Subject: Re: programs vs. libraries
From: kragen@pobox.com (Kragen)
Date: Sat, 29 Aug 1998 00:45:04 -0400 (EDT)

On 29 Aug 1998, Russell Nelson wrote:
> shap@eros.cis.upenn.edu writes:
>  > Are we morally obligated to GPL major portions of EROS if we do this?
> 
> As long as you're leaving the law out of it, yes.  The idea behind
> GPL'ed software is this: We are selling you this software.  You don't
> have to ask us for our permission to buy it.  All that you have to do
> is free your software.  If you can't afford that price, then you have
> to license the software.

Well, you have to free the software you incorporate it into.  That
doesn't mean, for example, that using the Linux kernel in the Cobalt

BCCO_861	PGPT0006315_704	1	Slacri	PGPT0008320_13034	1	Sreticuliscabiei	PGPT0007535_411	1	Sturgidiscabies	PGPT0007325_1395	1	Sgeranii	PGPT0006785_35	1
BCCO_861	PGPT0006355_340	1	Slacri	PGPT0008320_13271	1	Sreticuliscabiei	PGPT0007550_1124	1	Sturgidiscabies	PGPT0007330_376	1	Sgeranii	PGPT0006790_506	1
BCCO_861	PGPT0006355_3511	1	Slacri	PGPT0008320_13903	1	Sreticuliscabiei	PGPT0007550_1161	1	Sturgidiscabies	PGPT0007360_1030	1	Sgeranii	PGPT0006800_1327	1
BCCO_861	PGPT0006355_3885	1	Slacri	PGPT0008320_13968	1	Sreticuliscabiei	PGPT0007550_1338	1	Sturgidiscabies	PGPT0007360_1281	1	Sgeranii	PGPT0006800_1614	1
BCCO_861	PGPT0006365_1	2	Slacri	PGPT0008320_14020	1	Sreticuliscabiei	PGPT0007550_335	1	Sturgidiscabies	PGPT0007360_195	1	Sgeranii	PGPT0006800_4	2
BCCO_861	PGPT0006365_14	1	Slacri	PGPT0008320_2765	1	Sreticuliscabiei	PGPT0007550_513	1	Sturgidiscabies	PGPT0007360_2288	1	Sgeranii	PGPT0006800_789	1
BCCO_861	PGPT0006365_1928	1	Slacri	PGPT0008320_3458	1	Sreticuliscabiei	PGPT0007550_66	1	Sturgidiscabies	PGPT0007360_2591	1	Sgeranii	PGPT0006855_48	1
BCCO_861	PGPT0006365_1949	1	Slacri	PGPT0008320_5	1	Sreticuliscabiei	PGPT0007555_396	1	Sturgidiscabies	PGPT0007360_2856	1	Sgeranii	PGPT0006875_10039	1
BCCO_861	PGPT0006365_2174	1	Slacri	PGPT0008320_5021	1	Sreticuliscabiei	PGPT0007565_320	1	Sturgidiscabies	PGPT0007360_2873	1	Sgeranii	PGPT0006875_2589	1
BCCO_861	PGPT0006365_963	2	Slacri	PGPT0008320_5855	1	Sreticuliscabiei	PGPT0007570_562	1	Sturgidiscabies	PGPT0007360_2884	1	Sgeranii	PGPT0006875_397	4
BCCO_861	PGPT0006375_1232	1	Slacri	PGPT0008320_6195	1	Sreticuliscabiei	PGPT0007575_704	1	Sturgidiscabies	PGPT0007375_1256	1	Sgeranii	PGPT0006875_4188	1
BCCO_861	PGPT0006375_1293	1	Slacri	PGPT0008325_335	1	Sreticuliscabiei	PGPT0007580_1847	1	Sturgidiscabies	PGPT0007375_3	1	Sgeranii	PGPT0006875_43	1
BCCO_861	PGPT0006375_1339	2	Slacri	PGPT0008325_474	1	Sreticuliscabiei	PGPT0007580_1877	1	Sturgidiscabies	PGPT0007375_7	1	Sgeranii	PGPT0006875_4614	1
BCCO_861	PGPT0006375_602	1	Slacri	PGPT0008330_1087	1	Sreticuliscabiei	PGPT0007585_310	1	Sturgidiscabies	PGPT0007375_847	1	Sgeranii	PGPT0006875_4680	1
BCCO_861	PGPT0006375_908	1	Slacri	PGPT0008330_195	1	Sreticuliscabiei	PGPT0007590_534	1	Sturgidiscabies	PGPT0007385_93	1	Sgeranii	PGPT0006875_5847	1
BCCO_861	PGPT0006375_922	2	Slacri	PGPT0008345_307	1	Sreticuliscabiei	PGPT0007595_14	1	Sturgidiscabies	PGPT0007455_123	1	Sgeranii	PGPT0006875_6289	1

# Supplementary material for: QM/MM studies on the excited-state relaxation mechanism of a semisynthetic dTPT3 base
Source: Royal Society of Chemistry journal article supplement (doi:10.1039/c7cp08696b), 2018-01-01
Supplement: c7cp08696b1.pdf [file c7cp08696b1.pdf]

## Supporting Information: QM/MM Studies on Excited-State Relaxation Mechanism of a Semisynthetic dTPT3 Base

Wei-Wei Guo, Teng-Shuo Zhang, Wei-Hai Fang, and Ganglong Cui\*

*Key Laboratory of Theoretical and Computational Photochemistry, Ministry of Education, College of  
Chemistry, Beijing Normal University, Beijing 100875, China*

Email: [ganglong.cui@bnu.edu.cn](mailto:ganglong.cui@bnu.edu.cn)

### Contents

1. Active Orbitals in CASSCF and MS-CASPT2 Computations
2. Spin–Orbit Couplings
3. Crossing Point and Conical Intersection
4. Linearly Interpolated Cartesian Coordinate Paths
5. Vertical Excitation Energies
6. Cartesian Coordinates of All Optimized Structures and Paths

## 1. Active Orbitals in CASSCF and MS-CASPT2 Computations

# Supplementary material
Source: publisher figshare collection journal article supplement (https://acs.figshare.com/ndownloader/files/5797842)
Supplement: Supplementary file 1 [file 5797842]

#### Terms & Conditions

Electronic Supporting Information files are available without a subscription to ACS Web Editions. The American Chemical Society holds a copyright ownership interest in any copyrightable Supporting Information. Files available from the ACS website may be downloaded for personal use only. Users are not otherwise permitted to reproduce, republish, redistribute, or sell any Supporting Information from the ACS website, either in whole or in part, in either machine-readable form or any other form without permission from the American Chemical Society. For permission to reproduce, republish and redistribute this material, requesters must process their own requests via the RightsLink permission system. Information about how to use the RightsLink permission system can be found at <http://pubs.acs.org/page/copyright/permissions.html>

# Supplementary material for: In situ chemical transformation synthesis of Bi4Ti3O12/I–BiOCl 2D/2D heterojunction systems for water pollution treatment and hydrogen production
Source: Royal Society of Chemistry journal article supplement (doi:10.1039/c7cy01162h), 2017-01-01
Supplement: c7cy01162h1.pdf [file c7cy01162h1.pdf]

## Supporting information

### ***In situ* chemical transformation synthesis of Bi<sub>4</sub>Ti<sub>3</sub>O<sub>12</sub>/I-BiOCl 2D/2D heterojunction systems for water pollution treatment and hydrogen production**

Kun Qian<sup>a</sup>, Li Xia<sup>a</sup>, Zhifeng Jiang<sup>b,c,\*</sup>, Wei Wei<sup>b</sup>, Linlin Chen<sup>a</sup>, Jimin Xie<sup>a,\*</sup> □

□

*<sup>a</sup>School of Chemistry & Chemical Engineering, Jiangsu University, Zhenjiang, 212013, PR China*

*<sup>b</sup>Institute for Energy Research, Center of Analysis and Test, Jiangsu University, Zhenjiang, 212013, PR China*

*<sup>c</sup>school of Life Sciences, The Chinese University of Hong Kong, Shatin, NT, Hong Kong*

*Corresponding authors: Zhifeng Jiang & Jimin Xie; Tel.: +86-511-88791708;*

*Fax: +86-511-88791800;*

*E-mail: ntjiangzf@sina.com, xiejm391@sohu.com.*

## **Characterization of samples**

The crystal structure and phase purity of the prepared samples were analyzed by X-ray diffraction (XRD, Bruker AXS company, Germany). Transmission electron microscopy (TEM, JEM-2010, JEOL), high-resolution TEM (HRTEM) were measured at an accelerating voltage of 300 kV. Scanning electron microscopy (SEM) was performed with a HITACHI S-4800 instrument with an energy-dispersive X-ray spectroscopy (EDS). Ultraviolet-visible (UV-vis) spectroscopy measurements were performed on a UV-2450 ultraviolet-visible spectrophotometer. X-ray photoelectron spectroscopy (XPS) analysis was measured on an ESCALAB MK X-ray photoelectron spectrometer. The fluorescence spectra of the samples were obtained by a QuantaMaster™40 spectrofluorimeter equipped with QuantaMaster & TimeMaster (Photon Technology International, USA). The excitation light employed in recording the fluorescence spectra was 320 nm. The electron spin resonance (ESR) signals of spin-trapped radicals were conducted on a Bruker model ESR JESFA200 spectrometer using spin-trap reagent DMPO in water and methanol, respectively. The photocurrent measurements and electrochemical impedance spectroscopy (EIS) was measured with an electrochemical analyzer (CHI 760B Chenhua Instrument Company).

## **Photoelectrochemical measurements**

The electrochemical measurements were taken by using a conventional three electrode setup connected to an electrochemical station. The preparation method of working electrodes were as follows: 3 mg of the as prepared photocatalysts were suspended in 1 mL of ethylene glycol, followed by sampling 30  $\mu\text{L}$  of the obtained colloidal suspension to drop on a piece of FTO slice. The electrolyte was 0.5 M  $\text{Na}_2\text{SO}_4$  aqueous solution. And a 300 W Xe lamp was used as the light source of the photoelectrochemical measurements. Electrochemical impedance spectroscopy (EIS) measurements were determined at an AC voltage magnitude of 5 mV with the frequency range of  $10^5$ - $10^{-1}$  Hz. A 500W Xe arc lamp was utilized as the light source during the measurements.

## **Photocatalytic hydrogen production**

Microserver Qube means that Cobalt must free all the code that runs on
the Qube.  It doesn't mean that writing a CGI script in Perl (assuming
you're using the GPL redistribution license, not the Artistic one) for
your proprietary web server means you must free your web server.

The question is, where do you draw the line?

Linux's copy of the GPL includes a clarification that ordinary programs
using the kernel services are not considered to be part of the same
program as the kernel.  I believe that if you could legitimately
convert Linux into an ordinary program that runs on EROS, without
incorporating parts of the Linux kernel into the EROS kernel, you could
legitimately make the argument that the relationship between your Linux
server and EROS is the same as the relationship between WordPerfect 8
for Linux and Linux itself.

Kragen

-- 
<kragen@pobox.com>       Kragen Sitaker     <http://www.pobox.com/~kragen/>
We are forming cells within a global brain and we are excited that we might
start to think collectively.  What becomes of us still hangs crucially on
how we think individually.  -- Tim Berners-Lee, inventor of the Web